On 28 May 1861 the Fellows of St John’s agreed to mark the seven hundredth jubilee of their college by building a new chapel and on 27 January 1862 Sir George Gilbert Scott was appointed to carry out the work. As at Exeter College, Oxford, the large increase in student numbers meant that the old chapel was completely inadequate but Scott was reluctant to destroy the old chapel and suggested that it should be retained as an aisle to the new building. A previous Master, Dr James Wood, had bequeathed the huge sum of £20,000 towards providing a new chapel so there was enormous pressure for a new building. At a meeting on 2 May 1862, where Scott presented his enlargement scheme as well as an alternative design for an entirely new chapel, The Fellows chose the new chapel which they said should not cost more than £40,000.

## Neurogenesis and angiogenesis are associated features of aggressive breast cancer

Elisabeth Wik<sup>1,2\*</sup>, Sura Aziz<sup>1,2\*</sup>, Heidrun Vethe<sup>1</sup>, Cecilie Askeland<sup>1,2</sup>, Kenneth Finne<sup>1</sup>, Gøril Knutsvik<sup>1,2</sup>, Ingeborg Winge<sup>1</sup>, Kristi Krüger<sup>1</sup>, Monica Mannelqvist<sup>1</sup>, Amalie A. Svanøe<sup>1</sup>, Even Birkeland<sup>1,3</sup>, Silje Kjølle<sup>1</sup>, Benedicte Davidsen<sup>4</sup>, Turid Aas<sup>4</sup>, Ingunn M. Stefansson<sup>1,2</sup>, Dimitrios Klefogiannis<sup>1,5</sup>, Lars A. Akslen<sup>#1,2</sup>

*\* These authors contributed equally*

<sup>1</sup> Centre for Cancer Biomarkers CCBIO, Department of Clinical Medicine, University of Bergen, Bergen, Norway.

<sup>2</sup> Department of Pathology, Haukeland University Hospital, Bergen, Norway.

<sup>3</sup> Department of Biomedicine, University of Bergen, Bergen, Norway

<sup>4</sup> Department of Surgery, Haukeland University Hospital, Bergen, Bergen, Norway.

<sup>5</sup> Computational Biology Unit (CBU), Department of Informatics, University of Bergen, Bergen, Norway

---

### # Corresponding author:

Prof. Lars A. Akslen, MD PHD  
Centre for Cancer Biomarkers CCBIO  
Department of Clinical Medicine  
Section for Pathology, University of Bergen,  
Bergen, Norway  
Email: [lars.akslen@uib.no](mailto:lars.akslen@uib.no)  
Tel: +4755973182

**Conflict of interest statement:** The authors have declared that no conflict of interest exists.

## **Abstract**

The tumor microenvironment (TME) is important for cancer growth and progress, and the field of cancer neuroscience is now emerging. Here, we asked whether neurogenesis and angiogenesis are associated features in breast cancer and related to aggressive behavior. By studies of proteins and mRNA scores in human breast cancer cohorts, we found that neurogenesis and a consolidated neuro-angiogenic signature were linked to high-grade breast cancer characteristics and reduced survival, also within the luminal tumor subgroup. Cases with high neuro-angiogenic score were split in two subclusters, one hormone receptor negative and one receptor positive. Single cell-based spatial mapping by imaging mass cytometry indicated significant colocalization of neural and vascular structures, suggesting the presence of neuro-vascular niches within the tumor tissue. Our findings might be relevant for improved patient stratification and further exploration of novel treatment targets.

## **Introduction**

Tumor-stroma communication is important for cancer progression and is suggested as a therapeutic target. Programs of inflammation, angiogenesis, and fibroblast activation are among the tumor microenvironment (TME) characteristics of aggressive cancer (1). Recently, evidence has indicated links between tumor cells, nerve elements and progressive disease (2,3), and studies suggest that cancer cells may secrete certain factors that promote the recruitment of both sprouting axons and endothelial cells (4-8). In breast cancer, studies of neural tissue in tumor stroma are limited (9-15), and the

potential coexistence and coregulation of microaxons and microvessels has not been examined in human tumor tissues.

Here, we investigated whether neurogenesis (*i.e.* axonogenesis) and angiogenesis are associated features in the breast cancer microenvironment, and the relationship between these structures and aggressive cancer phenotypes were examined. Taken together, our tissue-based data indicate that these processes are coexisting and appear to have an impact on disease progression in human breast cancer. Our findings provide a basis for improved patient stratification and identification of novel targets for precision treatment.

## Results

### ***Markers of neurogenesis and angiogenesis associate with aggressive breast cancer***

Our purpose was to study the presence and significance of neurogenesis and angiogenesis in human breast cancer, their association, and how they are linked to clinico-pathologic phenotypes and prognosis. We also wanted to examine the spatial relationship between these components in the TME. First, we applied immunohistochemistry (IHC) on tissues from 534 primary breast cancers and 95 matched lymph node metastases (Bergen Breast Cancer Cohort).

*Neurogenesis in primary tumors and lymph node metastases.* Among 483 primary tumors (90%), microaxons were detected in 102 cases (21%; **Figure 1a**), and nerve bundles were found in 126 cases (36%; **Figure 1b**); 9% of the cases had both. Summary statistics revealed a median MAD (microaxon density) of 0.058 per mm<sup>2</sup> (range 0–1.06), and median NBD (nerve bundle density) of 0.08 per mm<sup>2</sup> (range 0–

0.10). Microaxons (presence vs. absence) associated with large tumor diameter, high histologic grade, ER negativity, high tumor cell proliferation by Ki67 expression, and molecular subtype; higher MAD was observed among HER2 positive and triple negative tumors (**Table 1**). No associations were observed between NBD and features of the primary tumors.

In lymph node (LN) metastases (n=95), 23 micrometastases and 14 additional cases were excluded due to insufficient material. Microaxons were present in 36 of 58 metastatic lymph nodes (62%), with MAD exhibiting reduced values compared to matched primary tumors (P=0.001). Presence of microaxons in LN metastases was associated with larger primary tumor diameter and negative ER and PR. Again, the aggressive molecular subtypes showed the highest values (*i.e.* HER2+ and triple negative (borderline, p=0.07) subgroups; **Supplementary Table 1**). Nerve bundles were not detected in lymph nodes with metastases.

The intention was that the new chapel would be built behind the north range of the first court which contained the chapel and when the work was completed, the range would be swept away revealing Scott’s chapel as the new north side of an enlarged court with the hall on the west side extended up to it. The problem was that the north range contained the entrance to the combination rooms and the staircase and vestibule of the Master’s Lodgings which stretched westwards along the upper floor of the second court. Scott’s first proposal showed the Master housed in a new building projecting at right-angles from the rear of the second court but it was later decide that it should be a free-standing house with its own entrance in Bridge Street to the north of the College. Scott presented his final plans and a report on 24 November 1862 and on 5 December the college authorities agreed that they should be adopted provided that the cost limit of £40,000 was not exceeded. They seem to have failed to notice that Scott had already estimated that the chapel would cost £36,000, the Master’s Lodge £7,500 and that the extension to the hall would cost another £3,000.